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The fate of a Fort Huachuca building that preservationists say is significant to honoring the contributions of African-American military personnel during World War II is still uncertain despite attempts to preserve it and add it to the National Register of Historic Places.

On Wednesday, the National Trust for Historic Preservation named the Mountain View Officers' Club, built in 1942 for black officers, as one of America's 11 Most Endangered Places. Others on the national list include the Houston Astrodome, the old Pan Am Worldport Terminal at Kennedy Airport in New York and Montana's one-room schoolhouses.

The designation is purely "honorific," said Demion Clinco, president of the Tucson Historic Preservation Foundation, the organization that nominated the club for the endangered-places list. But he hoped it would bring exposure to the issue of its possible destruction.

The Army has threatened to add the building to an active disposal list, according to a news release from the National Trust for Historic Preservation.

"I really hope the Army would reconsider their plans to demolish this piece of American society and instead seek opportunities to bring this building back into active use," Clinco said.

The Army has not made a decision on what it will do with the building, Angela Camara, a Fort Huachuca public affairs spokesman, said by email. "We continue to explore all options for Building 66050 that balance our commitment to historic preservation with very real budget constraints we currently face," she wrote.

For several years, the Southwest Association of Buffalo Soldiers, a volunteer organization, leased the building from the Army and was committed to fixing up the club to display memorabilia and house a research center.

In March 2011, the group was told to cease work on the building, and the Army did not renew the lease when it ended in September 2011, said Edward Sheller, the current president of the Sierra Vista-based group.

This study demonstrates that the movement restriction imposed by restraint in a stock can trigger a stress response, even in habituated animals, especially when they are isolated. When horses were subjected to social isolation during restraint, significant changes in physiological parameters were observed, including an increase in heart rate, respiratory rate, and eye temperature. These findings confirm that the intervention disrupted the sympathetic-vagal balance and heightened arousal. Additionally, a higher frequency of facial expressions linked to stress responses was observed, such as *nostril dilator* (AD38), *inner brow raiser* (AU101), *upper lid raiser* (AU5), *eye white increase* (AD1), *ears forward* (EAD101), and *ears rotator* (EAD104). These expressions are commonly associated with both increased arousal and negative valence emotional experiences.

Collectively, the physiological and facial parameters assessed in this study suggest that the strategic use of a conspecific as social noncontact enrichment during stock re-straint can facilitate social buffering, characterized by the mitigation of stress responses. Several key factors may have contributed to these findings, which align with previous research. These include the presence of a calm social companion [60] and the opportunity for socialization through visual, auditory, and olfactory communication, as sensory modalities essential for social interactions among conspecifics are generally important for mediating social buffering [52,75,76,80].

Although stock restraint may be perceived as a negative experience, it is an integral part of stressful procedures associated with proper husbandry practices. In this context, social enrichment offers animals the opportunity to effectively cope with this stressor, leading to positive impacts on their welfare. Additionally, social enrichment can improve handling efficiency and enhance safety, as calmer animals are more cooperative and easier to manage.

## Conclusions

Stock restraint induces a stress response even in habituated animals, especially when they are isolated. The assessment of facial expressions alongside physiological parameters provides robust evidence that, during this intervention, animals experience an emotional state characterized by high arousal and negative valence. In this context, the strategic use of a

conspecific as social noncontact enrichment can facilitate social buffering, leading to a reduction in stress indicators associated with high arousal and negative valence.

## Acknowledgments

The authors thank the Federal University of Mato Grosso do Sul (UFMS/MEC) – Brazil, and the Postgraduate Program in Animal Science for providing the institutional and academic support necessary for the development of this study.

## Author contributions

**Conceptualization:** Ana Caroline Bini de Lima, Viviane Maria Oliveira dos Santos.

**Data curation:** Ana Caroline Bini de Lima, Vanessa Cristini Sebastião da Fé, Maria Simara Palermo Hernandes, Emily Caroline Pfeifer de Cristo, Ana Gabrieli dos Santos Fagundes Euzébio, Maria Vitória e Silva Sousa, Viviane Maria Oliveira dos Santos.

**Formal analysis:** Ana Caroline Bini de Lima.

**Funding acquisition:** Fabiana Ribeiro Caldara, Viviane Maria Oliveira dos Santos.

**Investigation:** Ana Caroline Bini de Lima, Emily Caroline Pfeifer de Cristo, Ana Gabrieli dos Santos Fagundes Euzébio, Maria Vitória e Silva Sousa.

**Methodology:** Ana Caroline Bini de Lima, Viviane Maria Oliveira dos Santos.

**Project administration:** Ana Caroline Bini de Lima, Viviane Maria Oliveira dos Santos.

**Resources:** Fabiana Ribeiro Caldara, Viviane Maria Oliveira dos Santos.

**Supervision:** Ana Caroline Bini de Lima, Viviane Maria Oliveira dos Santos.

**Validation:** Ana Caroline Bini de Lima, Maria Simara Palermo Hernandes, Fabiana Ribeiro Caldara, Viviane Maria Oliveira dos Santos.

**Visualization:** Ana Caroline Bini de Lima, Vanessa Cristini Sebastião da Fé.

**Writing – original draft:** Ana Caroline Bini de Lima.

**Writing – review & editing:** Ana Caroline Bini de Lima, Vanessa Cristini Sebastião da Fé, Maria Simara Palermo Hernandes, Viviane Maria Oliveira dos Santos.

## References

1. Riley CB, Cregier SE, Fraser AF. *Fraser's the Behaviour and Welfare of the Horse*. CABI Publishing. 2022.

The Army said the group did not complete progress reports and crucial repairs on time and did not have enough funds to complete the work, according to Star archives.

Sheller said the Army hindered the group's progress on several occasions.

For example, as terms of the lease, the group was not allowed to nominate the building to the historic register until it was ready to be occupied, Sheller said. That stipulation hampered the group's fundraising efforts because the Army could have decided at any moment it was going to tear it down, Sheller said.

During World War II, Fort Huachuca housed 20,000 black troops, the largest black encampment in history, according to Star archives. Singer Lena Horne once performed at the officers' club, and boxer Joe Louis visited it when he was stationed at Fort Huachuca during the war.

It's also the only building in the country specifically built as a club for black officers, Clinco said. Typically existing buildings were repurposed as black officers' clubs, he said.

"The building, what it really represents is the really remarkable and extraordinary contributions of African-American men and women who served the Constitution of this country at a time when segregation actually segregated the military system," Clinco said.

The U.S. Army Corps of Engineers conducted a study to evaluate the building's structural and historical integrity, which was completed in 2012. The study found the building was not eligible for a recommendation to the National Register of Historic Places, citing a complete redesign of the interior floor plan and the removal of original artwork, windows and openings. Restoring the building would cost up to $4.3 million, the study found.

Despite the study's findings, the Tucson preservation organization forwarded the nomination to the keeper of the National Register, which found the building does meet criteria for a nomination to the register.

Sheller said he wrote to Carol Shull, the keeper of the national register, when she was considering the building's eligibility and said, "If this building gets torn down, that's just like pushing blacks to the back of the bus again."

"Nobody has ever explained to us why they want that building torn down so bad unless it's the stigma of segregation and they want to hide it," Sheller said.

It is "improbable" the Army will move forward with a nomination to the National Register, Camara, the Fort Huachuca spokeswoman, said.


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